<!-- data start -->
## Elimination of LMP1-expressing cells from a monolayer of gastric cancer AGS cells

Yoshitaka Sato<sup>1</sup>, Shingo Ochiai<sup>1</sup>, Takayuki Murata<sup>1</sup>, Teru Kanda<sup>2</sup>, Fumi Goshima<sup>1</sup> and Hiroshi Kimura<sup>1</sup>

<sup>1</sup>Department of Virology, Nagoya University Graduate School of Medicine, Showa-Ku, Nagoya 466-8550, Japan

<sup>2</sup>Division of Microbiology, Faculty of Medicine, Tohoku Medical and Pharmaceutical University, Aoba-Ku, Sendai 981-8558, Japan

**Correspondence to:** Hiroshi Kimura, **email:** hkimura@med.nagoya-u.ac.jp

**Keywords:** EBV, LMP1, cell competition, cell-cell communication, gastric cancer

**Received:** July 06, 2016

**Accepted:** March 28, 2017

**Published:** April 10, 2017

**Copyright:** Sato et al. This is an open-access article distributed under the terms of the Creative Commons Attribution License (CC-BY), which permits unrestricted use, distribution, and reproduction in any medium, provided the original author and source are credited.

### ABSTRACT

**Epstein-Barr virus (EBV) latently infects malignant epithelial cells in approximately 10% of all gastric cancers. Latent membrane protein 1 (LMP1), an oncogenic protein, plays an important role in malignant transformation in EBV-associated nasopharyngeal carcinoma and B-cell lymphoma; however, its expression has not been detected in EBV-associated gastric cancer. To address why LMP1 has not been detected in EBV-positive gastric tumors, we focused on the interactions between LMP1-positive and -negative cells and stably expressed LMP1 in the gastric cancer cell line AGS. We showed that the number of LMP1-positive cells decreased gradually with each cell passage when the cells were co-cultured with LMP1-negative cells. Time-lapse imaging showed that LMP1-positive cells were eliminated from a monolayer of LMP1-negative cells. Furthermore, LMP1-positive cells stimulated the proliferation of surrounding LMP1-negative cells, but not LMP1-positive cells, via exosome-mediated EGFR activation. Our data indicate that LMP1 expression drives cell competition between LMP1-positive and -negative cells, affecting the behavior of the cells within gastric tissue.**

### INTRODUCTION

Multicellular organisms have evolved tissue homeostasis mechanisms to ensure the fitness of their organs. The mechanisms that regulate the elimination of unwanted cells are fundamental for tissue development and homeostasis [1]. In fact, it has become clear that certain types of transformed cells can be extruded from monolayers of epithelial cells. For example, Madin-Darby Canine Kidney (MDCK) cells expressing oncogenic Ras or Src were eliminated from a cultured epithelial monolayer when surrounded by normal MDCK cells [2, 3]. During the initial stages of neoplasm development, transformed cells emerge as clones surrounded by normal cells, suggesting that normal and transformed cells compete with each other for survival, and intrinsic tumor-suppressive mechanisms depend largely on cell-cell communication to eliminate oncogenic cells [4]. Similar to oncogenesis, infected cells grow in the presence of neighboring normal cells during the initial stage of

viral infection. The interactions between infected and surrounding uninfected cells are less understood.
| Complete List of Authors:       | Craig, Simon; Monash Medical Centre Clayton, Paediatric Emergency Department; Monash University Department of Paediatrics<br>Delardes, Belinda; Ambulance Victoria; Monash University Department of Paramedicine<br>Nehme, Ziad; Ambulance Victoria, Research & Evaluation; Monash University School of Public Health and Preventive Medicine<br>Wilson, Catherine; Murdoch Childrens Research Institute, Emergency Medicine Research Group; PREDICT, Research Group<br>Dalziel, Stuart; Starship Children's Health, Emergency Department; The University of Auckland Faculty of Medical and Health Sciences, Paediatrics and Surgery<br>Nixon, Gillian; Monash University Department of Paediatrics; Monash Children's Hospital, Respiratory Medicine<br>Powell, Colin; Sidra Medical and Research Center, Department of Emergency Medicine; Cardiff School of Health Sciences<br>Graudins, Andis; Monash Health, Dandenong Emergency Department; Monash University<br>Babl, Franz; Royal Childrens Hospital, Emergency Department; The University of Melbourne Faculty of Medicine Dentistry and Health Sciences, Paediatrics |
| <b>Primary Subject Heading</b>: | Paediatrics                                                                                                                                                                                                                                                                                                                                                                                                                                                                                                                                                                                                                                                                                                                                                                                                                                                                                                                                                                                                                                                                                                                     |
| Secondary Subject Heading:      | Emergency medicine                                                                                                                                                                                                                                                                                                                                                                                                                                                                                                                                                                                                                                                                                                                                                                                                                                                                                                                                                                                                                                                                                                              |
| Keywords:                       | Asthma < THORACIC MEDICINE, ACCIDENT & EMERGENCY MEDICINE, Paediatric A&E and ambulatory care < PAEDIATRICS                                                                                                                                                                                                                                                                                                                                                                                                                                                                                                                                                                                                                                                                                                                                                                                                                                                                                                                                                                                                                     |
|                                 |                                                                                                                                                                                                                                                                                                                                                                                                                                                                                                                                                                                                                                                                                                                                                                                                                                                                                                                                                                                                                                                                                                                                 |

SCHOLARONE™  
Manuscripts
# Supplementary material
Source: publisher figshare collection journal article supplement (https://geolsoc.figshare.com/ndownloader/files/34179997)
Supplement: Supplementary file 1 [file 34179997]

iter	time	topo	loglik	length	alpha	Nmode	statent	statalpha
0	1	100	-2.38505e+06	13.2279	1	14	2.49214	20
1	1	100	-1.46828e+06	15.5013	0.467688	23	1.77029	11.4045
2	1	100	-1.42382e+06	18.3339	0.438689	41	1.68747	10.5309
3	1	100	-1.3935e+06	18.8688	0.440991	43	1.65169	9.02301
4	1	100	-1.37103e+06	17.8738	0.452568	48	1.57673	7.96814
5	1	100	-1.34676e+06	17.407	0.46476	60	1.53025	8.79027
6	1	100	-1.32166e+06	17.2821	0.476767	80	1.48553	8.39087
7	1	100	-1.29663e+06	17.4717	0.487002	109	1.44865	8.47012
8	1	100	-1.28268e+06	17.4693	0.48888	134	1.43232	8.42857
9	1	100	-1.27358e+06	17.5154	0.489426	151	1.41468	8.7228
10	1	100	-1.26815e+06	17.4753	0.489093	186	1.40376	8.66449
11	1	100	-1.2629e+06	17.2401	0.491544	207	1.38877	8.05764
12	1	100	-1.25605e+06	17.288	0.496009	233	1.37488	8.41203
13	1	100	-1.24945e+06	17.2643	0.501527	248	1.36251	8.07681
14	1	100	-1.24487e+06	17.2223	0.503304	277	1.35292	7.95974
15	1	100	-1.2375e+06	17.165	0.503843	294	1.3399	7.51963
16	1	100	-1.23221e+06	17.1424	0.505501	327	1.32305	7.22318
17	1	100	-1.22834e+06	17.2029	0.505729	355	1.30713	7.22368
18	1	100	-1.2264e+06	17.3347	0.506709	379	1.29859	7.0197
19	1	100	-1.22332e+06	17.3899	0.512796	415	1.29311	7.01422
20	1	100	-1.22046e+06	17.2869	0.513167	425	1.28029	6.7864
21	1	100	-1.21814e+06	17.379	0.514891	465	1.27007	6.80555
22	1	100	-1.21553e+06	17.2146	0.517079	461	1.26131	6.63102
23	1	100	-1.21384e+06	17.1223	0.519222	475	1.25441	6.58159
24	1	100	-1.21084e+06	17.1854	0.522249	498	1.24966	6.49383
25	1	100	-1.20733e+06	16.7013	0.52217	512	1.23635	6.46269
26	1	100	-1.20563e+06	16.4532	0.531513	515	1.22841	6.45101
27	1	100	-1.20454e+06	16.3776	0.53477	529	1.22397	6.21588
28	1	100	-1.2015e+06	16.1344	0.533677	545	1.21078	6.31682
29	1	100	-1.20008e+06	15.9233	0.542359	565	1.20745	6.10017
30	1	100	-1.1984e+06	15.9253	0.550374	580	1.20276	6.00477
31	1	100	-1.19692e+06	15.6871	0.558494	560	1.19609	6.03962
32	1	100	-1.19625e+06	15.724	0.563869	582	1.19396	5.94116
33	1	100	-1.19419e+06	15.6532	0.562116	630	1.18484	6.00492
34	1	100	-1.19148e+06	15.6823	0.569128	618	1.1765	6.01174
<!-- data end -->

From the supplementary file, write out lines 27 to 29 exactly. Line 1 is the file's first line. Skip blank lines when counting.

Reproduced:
0	1	100	-2.38505e+06	13.2279	1	14	2.49214	20
1	1	100	-1.46828e+06	15.5013	0.467688	23	1.77029	11.4045
2	1	100	-1.42382e+06	18.3339	0.438689	41	1.68747	10.5309